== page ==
“Oh. Sorry. I thought it was Cassie’s.”
Once we’d finished eating our dinners, we were back out on the open road. Conversations generally petered out; it seemed mutually understood that it was too hot and stuffy in this old bus to do anything but think, or listen to music. Then, as we glided along a dark patch through a pine forest, Dad said something alarming: “Did somebody put sugar in my coffee?”
“Ichabod, honey, you gotta scratch?” said Mom.
Dad laughed, but it was a laugh with very little humour. “Oh boy, Lesley, I’ve gotta do more than that. I’d better pull over.”
Annie and I moaned so loudly that we ended up in harmony. This was the fourth time today we’d had to stop for him. To pee, to poo, to vomit, and now to scratch his butt because of worms he had gotten in the first place from letting the dog lick his face too much. The thing with Dad was… Well, it’s mean again, I know, but… He’s too big for britches. Seriously, he’s obese. He’s been that way since he was little. Claims it’s a disease. Which isn’t completely impossible, but Grandma told me once that the disease was his desire to eat everything in sight. She told me when he was a teenager he’d even taken a bite out of a very off piece of Brie (who could tell, right?), and he had been rushed to hospital. The next week he went back home and found the Brie in the bin and took another bite, and ended up back in hospital where they had to pump his stomach. Therefore because of his weight, he gets wedged between the seat and the cup holder in the driver’s seat of the bus. It’s the same with him for every vehicle, which is why he doesn’t normally drive. It’s one giant leap for mankind when he gets out of our Four-Wheeler. Getting in is another story.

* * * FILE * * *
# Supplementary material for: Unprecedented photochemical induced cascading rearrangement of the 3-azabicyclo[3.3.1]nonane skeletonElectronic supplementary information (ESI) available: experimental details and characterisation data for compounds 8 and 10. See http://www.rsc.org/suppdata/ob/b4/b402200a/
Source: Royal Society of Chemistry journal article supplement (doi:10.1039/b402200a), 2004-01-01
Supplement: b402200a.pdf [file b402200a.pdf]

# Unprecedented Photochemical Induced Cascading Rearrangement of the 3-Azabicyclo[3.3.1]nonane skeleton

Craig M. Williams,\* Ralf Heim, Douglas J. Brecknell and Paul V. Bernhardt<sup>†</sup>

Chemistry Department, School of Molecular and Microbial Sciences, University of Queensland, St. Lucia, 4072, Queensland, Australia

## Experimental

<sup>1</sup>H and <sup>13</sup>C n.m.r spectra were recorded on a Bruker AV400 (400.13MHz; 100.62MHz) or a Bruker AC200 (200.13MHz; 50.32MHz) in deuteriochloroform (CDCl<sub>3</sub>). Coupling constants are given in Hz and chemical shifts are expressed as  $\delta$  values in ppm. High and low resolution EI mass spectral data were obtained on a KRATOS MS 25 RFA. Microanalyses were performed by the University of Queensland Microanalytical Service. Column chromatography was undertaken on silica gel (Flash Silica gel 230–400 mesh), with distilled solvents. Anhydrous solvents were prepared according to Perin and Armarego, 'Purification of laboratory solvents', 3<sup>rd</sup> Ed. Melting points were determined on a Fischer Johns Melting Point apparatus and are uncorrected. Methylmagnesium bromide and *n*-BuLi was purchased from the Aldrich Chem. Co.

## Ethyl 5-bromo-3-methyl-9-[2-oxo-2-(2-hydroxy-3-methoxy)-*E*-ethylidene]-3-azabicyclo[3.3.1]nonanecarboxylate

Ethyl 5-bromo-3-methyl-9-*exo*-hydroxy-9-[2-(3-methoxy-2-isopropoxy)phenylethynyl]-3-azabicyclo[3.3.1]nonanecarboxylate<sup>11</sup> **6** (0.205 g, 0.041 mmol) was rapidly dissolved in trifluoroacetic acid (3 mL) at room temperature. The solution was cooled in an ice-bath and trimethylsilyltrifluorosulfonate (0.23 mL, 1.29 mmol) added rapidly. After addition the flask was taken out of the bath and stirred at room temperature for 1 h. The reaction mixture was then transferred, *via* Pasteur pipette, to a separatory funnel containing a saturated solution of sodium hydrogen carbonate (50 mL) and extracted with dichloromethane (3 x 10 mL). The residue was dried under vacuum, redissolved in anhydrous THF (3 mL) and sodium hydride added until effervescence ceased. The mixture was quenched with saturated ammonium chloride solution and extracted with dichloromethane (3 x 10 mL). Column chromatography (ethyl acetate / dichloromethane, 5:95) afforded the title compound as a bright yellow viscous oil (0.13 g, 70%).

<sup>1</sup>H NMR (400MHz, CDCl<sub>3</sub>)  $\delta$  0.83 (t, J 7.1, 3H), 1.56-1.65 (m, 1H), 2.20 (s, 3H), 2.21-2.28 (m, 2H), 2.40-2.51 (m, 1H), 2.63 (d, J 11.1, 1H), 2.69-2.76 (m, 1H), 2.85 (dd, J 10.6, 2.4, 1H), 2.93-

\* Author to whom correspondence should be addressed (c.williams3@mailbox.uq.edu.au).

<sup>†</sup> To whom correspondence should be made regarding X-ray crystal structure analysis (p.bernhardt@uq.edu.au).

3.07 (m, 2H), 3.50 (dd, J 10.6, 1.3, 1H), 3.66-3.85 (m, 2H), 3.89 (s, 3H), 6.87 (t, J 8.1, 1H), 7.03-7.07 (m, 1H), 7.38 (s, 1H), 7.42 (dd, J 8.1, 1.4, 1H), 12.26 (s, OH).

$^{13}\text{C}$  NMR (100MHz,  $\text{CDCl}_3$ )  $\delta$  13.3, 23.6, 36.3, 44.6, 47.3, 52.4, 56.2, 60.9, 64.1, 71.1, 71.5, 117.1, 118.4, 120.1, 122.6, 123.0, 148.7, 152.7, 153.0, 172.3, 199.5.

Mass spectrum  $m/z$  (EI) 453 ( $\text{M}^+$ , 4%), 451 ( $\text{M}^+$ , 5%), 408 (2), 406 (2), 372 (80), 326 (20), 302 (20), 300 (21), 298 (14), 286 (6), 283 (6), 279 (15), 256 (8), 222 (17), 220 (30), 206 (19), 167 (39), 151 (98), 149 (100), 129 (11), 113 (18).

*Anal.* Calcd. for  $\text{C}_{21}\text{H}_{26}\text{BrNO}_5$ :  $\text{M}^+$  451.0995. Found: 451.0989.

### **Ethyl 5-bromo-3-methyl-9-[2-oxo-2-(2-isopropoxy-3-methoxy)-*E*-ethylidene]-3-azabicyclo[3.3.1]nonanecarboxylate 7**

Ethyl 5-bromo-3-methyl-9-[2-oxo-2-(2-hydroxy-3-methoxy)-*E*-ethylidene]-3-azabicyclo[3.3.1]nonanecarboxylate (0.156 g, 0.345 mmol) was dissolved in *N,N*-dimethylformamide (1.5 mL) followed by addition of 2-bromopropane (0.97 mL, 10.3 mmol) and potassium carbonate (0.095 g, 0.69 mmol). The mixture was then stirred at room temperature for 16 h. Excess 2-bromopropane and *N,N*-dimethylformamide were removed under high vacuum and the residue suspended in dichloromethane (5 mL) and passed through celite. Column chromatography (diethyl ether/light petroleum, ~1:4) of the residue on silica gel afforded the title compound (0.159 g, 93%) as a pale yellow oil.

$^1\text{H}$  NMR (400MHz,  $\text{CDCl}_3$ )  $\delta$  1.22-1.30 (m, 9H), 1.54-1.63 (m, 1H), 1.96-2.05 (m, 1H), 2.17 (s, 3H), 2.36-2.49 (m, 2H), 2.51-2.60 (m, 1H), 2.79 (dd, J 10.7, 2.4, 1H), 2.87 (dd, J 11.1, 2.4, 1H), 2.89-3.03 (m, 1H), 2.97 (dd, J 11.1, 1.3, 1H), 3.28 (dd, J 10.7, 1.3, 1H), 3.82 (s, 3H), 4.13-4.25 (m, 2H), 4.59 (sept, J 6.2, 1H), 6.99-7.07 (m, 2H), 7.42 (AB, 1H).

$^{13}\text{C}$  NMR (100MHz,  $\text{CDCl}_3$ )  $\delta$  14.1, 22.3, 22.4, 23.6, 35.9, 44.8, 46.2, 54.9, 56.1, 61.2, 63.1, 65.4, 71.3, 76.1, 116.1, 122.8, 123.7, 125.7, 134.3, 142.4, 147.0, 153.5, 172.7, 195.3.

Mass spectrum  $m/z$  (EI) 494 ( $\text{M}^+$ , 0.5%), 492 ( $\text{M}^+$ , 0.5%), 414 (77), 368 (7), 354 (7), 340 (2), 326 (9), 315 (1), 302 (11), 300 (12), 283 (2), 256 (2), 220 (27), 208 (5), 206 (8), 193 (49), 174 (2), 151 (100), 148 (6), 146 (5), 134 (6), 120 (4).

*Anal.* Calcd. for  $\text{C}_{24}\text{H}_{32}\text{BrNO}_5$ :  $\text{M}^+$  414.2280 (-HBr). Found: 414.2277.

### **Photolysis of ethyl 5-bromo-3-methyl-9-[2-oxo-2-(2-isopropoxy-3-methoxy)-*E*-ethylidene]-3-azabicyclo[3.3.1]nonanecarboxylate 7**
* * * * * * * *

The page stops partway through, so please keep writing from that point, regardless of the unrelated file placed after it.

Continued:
“Don’t go too far!” Mom shouted from the door as he ran off into the woods. “There could be deer and bears and serial killers out there.”
He swiftly ran back into view, frightened of such prospects. He decided to do his scratching behind the bus instead. I prayed nobody would drive past while he was doing it, to no avail. The honking and flashing of lights added to the humiliation.
“Thank God we’re moving to a new town,” I said loudly, mortified, as the bus shook from side-to-side. “I think I’ll get the school bus from now on if this is going to happen. I don’t want any new friends to see this.”
“If you make any new friends,” said Annie.
“Oh please, I had one more friend than you ever did.” I’d had one friend, Nicole.
“Will. You. Two. Stop. Fighting?” said Mom in her scary deep voice.
Ten minutes later, Dad had scratched his itches away (and had damaged the exhaust pipe in the process), and we continued on our way. Again.